I’ve written before about how as a parent, anxiety spoiling the good things for my daughter, makes my heart break. This is therefore a topic that means a lot to me.
Anxiety can be such a hard thing for children on the Spectrum to overcome and therefore as parents we need the biggest toolkit of strategies possible to help us to help them.
This post aims to provide you with that toolkit, and whilst not all strategies will work for all young people I hope that the pick and mix approach will give you the best chance of finding the right ones for your family.
So What Can You Do To Help?
Take photographs of your child doing things that they enjoy and are successful at. Either display them or put them in a book, so that if they get anxious before attempting them again they have a visual reminder Of how much they enjoy them.
Start a ‘Happy Book’. Encourage your child to write in it (or dictate to you if writing is something they find difficult) after they have done something they find difficult. Make sure you also write messages of pride in the book, to remind them that you know how hard these things can be.
Make The Most Of Familiarity
Try to arrange for someone familiar to meet you either at home so your child has someone to travel with, or outside the door of the venue they are going to to ease the transition between home and the activity.
Write A List
Encourage them to try to write down the things that make them feel anxious about going and look at the list together to see which of these can be changed to make them less worrying.
Keep calm (easier said than done I know) and avoid giving ultimatums like, if you don’t go today that means you won’t be able to go next week. The added pressure is likely to cause more anxiety and therefore make them less able to attend.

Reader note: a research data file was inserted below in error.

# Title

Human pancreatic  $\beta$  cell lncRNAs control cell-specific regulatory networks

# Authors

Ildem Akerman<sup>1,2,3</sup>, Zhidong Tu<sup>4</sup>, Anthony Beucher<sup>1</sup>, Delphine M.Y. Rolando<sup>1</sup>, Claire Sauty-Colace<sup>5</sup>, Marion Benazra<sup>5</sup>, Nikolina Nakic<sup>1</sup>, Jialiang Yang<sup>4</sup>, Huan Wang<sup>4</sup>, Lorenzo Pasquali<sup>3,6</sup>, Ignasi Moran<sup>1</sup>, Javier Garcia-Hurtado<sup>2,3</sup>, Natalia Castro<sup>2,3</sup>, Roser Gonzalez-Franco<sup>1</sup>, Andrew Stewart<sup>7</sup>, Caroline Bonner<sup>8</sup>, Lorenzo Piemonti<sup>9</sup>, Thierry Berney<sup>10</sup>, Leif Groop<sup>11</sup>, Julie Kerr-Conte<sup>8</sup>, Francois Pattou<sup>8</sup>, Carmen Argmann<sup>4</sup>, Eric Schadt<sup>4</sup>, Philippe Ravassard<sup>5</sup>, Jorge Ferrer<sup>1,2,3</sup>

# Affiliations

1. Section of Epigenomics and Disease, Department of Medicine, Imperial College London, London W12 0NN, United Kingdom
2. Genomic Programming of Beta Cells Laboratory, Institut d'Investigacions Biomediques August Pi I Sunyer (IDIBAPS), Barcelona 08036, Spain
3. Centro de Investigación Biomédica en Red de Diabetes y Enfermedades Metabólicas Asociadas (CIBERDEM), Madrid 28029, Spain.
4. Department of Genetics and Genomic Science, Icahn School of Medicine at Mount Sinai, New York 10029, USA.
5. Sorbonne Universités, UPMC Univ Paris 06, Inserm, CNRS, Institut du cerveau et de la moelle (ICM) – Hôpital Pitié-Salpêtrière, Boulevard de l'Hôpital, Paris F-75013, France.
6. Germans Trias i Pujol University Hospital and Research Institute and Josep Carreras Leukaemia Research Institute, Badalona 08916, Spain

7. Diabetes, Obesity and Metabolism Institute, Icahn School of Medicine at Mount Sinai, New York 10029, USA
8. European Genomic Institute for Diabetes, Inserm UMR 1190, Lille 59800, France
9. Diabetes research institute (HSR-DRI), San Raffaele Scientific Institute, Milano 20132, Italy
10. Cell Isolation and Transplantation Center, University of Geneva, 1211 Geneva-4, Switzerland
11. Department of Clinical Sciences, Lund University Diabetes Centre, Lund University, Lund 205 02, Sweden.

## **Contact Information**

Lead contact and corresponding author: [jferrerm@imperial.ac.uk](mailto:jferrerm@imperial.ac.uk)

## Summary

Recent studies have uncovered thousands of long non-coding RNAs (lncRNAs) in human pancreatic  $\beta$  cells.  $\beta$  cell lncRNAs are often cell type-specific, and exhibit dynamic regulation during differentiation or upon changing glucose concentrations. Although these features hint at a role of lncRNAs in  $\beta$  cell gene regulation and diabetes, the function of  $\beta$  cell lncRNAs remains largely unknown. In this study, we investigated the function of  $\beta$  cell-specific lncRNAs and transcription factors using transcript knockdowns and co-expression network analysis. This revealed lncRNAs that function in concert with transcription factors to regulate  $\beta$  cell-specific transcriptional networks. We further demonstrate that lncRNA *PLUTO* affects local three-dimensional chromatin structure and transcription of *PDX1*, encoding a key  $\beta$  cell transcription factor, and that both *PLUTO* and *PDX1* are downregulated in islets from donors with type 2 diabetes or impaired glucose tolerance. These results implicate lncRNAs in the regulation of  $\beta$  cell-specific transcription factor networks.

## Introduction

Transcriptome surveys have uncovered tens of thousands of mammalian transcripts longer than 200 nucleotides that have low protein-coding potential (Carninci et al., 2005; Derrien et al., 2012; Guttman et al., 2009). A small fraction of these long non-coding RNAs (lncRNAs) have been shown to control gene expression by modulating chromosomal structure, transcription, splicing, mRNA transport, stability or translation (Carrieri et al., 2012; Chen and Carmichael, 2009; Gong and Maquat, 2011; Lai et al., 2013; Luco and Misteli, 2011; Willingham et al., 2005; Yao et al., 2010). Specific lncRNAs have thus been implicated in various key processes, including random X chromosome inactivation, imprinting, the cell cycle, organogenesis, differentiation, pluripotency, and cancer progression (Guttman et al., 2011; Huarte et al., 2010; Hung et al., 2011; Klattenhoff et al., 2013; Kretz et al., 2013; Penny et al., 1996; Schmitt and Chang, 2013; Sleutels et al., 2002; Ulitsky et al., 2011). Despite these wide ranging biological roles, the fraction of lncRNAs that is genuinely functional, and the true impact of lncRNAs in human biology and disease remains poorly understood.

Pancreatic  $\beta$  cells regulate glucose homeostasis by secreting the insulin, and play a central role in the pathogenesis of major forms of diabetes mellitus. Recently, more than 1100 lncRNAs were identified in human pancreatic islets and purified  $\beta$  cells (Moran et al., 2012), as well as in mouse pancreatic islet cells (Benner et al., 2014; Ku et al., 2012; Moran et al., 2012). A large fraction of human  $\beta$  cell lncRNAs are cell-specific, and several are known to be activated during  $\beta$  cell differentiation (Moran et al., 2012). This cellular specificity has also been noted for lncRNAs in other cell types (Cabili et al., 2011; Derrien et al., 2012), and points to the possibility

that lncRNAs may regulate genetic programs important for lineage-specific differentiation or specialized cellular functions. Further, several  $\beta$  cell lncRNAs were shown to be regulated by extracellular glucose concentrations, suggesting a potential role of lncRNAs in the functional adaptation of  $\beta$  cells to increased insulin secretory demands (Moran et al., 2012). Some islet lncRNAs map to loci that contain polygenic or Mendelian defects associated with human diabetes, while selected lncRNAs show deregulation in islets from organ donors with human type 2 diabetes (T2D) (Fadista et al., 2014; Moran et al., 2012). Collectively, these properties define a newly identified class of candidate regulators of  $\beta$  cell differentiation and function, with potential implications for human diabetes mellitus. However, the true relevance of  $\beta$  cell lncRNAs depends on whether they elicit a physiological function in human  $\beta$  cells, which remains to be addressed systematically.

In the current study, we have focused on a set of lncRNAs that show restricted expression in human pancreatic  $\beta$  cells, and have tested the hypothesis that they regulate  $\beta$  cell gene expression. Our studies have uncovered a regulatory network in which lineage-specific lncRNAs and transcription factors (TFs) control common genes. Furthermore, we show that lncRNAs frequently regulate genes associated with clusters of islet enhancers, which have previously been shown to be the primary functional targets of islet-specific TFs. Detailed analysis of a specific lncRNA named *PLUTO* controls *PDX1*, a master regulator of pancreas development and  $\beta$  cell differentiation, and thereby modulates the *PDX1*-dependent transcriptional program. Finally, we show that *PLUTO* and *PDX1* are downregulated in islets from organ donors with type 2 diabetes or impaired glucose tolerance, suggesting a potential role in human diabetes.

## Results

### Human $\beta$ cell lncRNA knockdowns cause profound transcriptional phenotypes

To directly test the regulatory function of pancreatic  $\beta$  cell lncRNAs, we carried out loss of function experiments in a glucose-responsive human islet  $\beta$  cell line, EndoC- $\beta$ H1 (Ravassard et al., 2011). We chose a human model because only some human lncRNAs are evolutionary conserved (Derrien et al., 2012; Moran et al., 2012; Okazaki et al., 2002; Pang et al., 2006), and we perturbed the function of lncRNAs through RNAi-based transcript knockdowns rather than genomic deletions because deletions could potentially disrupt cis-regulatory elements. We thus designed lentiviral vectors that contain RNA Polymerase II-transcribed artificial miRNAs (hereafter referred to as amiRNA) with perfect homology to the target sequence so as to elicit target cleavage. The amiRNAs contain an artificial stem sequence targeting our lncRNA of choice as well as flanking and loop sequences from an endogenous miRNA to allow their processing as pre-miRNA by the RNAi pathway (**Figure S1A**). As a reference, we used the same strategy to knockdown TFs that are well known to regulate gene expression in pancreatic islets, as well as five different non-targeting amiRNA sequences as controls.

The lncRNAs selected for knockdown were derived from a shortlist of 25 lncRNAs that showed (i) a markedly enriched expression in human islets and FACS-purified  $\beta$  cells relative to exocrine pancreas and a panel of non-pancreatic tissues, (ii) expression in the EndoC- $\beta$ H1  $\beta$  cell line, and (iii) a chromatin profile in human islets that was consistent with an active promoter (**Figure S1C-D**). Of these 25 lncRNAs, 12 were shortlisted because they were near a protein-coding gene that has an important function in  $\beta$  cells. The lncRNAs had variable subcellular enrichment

Use A Code Word
If you are going to the event/ activity with them, give them a code word or signal that they can use to get out if they decide things are too much. Once they are there, they will probably decide not to use it, but knowing they can may give them the security to do something they may otherwise struggle with.
Think About Proximity
If you aren’t staying at the activity, knowing that you will remain in close proximity can also be helpful. Whether that’s lurking outside the door or sitting in your car in the car park, knowing they can get to you if they need to can really help to reduce the anxiety levels of some children.
Agree on a time limit, whether that is five minutes, half an hour or an hour. After that time return to give your child the opportunity to leave if they want to. Often once they have started the activity young people will choose to stay, but knowing you will think they have been successful even if they have only stayed five minutes can make a huge difference to their mindset.
Think About The Day As A Whole
Arrange non-anxiety causing activities for both before and after. Young people with autism often talk about only being able to expend so much energy and activity on social activities in a given time. Really thinking about how you sandwich the activity could make a big difference to their ability to cope with it.
If you do want to learn more you might find our autism section a useful place to start. It’s full of different strategies to try out.
Our online autism courses are also a great place to learn more.
Or why not join our private Facebook Group, which brings parents and teachers of children on the spectrum together to discuss strategies to help at home and at school.
If you join our tribe at the bottom of the post, you’ll receive a weekly email containing autism strategies and resources straight to your inbox.
And of course if I can be of any help then please just shout (or drop me an email).